It's gotten to the point where people who have never read a single piece of young adult literature snicker at the fact that the genre is now the "vampire" section of the bookstore and has been for years now. What they don't know is that it's also the section of handbooks to train girls into mindless, bitter, shopping dolls so that they grow up to be the kind of women adored on Real Housewives. These guides are disguised as fiction. They hide behind the "these are teens and it's fun" mantra, or the rather poor excuse that "this is how teens really are" as if teenagers can be withered down to the lowest common denominator.
What really bugs me about this type of book is that it's the kind that seems favored on a lot of the book review blogs that focus on young adult books. It should be noted that most of these blogs are run and reviewed by adults who read YA, not by teens themselves. So it begs the question, why are you recommending this trifle crap to teenagers? There are so many good and worthy YA books out there that deal with romance in a mature way and not like the plot of some bitchy movie. Of course, marketing departments have cleverly skewed these books as some sort of female empowerment, but is it really? I can't imagine the new goal of feminism is for a girl to grow up and be like someone off the set of The Hills or Sex in the City?
So why then do we have these trends that always seem to swallow up a genre? Easy money. People buy them and companies strive to give the people what they want. But when marketing is geared to children or teenagers, can that mantra really be a guiding principal? All you need to do is look at junk food advertising over the past fifteen years and see what it has done to the overweight generation.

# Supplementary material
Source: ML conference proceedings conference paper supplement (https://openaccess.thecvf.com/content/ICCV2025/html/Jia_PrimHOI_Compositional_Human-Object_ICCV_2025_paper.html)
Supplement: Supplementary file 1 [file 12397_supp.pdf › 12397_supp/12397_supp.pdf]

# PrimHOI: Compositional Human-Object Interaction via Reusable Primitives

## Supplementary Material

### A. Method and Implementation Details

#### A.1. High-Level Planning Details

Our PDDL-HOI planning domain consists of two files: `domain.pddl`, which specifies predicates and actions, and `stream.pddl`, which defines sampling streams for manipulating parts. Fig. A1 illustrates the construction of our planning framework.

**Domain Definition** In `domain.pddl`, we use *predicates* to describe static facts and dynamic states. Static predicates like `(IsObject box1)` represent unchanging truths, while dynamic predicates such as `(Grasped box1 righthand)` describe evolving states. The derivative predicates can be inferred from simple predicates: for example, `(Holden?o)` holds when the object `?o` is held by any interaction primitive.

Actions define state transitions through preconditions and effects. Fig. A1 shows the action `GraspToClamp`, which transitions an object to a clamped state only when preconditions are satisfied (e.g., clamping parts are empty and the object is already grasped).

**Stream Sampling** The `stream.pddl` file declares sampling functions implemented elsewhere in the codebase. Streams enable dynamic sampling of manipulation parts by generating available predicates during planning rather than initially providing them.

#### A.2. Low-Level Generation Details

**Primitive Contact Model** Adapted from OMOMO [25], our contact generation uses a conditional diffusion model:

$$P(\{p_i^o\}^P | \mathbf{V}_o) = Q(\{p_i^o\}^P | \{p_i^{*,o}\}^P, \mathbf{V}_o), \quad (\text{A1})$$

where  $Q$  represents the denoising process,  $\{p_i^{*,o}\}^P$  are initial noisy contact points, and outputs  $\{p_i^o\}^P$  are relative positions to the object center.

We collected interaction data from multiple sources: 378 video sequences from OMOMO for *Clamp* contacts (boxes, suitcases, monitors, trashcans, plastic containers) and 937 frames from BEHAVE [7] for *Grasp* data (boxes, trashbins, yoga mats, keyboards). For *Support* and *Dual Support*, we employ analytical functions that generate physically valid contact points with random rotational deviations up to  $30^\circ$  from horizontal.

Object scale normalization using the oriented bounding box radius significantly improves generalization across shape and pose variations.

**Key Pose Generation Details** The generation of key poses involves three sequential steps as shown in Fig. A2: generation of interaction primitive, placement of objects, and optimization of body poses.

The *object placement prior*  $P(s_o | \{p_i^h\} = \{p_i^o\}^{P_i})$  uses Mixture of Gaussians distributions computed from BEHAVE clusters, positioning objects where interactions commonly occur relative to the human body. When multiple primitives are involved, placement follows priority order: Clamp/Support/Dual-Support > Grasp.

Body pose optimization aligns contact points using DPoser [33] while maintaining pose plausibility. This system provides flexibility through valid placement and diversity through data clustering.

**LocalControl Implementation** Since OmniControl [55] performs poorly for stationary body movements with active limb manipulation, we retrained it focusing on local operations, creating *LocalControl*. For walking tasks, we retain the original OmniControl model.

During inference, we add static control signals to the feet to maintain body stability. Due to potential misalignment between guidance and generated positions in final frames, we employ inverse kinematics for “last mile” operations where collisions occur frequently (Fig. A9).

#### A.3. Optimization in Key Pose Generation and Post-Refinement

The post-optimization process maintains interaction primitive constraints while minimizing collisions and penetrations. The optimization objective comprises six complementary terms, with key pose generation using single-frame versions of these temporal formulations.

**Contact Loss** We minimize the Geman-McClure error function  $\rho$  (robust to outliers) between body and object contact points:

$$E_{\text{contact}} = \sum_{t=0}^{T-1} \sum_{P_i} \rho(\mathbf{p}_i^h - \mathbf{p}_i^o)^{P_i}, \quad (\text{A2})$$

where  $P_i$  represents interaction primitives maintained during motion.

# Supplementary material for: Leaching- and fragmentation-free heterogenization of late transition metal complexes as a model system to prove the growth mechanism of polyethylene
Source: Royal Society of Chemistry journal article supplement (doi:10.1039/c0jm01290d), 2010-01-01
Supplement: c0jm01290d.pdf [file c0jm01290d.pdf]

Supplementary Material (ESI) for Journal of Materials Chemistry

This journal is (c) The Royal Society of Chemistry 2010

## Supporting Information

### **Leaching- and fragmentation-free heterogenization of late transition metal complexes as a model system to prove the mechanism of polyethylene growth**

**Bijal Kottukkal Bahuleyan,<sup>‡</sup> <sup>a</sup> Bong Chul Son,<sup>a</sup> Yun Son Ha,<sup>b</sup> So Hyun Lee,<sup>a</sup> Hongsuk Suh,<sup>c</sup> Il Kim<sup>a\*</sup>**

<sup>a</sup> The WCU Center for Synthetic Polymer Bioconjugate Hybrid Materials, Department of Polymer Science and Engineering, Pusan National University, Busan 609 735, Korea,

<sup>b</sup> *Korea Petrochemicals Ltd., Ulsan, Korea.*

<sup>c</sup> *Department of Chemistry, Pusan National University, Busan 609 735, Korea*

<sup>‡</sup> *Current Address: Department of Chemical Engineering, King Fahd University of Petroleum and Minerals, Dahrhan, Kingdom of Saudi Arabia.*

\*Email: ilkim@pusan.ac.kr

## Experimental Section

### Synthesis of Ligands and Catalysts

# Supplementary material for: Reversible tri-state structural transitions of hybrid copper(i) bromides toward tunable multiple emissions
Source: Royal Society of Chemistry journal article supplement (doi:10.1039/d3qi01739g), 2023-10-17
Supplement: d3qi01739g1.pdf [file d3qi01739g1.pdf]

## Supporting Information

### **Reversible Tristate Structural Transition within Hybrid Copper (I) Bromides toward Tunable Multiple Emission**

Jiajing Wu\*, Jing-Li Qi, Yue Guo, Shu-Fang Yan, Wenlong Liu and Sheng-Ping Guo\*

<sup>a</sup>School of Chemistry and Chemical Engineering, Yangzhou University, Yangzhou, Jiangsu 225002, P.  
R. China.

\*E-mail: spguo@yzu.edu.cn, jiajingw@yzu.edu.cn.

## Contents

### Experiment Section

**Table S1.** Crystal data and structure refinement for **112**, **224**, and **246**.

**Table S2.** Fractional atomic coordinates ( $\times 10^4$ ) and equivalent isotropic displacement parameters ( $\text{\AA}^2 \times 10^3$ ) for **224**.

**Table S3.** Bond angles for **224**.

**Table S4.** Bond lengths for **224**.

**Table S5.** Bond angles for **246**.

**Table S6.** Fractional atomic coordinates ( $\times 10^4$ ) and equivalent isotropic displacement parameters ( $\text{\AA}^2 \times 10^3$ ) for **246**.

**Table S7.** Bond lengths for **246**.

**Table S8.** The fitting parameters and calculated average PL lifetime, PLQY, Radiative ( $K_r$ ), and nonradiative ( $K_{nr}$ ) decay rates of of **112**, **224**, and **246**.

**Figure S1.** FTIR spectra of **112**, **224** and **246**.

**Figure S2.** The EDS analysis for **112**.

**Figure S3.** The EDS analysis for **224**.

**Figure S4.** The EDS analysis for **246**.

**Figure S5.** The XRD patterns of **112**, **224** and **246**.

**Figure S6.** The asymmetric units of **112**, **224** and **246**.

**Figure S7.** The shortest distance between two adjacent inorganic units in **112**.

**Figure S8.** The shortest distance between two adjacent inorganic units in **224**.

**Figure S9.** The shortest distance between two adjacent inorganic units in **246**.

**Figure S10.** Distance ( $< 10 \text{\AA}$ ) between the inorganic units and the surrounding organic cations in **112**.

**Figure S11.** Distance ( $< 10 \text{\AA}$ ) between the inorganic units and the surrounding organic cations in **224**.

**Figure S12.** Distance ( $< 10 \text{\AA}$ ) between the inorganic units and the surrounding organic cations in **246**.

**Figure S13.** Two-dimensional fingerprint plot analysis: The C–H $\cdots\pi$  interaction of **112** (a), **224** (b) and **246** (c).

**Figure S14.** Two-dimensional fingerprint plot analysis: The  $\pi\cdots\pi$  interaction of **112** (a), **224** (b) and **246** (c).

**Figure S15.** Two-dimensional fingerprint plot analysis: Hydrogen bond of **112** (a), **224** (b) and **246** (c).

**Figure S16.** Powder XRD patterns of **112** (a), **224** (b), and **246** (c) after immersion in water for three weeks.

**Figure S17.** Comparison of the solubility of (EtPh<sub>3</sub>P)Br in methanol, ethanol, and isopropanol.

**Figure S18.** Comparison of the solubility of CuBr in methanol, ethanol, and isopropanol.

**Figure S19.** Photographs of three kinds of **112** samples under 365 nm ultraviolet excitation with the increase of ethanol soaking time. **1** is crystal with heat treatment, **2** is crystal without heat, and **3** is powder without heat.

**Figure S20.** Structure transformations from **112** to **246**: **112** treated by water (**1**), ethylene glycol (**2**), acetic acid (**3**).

I'm not suggesting there isn't a place for these books. Escapist fun is a relevant genre to be sure. And vampires have always been a popular subject, one I also enjoyed when I was young (Lost Boys RULES). But it would be nice if the flood of publishing into trends could at least, at the very least, have some redeeming quality as written pieces of fiction. Don't publish a book because it's about vampires and vampires are popular...publishing it because it's a good story.
American publishers are aiming their products at the mental equivalent of the armpit...Perhaps these publishers secretly admire their ruthless philistinism, their mastery of the ugliest sales conference jargon, the lack of the faintest glimmer of literate sensibility. Sales are what counts...